Quote: Originally Posted by ironsides
The first post should answer your question.
washingtonpost.com (external - login to view)
What question? I figured the punctuation in my post made it pretty clear it was all rhetoric.
Even if you are willing to assume that the actual and only cause was marijuana, there are two points that one would have to ignore in order to support criminalization because of this issue:
1. You need to ignore that public intoxication is illegal even if the drugs are legal.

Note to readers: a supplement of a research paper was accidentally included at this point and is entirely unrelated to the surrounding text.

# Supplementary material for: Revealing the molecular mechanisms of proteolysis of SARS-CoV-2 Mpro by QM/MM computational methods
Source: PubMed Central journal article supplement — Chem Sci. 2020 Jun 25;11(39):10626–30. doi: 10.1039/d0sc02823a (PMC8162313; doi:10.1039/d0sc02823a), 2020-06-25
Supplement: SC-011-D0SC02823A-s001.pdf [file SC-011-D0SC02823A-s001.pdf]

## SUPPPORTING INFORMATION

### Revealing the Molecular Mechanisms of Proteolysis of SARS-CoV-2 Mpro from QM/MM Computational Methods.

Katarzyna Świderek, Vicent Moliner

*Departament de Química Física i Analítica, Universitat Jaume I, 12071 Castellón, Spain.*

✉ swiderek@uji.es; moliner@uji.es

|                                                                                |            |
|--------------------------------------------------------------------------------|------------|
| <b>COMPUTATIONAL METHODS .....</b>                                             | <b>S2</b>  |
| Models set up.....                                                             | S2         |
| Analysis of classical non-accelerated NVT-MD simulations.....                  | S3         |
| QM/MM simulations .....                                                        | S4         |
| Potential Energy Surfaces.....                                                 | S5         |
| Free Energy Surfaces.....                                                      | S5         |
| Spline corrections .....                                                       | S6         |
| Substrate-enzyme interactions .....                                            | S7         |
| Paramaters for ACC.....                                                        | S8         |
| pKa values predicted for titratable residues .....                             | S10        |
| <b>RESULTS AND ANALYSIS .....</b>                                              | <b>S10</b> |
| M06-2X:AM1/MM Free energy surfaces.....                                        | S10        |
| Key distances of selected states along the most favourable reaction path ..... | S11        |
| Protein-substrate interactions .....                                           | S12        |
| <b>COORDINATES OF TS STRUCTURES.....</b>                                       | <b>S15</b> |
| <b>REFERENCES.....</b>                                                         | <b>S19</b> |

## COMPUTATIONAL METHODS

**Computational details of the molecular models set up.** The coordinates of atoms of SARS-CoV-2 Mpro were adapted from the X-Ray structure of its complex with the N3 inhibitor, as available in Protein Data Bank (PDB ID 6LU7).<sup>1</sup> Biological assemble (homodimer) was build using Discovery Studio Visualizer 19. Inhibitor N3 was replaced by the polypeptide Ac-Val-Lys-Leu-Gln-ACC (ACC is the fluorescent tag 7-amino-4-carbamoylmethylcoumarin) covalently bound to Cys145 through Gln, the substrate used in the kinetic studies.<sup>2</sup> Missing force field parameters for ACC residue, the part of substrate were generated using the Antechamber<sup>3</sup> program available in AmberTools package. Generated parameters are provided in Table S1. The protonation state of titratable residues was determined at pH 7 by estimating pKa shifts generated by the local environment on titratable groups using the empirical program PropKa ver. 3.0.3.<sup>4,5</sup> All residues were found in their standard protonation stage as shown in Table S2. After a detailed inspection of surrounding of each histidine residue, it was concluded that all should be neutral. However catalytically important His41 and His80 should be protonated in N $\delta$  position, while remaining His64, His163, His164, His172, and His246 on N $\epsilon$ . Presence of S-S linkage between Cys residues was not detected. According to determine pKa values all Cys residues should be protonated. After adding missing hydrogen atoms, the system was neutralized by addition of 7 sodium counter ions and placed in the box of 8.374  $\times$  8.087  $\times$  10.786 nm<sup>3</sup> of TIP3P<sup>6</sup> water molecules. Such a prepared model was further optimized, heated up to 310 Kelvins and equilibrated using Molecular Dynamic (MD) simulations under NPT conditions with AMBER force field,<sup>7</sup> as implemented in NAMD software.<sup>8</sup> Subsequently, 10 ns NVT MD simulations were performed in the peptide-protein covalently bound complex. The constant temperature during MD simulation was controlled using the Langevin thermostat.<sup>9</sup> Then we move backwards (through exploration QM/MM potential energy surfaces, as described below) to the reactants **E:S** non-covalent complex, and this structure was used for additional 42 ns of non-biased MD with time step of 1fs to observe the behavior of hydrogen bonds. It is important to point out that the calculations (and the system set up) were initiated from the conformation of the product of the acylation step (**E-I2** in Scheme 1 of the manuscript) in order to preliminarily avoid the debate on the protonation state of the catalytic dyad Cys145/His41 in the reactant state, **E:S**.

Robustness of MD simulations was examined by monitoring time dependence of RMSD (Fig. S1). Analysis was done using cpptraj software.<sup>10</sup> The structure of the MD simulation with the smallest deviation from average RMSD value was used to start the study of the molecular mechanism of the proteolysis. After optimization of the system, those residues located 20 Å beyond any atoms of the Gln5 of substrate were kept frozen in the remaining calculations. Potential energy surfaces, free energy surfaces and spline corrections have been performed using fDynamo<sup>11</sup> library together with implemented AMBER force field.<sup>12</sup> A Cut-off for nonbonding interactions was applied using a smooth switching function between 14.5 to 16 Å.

2. You need to ignore the fact that alcohol related disturbances are much more common, even when normalised to usage.
You have to make a lot of assumptions and ignore a lot of facts in order to support criminalization. Reality is not on the side of criminalization, only the perverse, frightened fantasies of a few support criminalization.
Living in the Netherlands, you just do not see this sort of thing happen, and you are constantly confronted with usage. Step into any coffeshop and you can easily have a chat with some of the nicest, mellowest people you will ever meet. Compare that to stepping into the bar on the wrong side of town.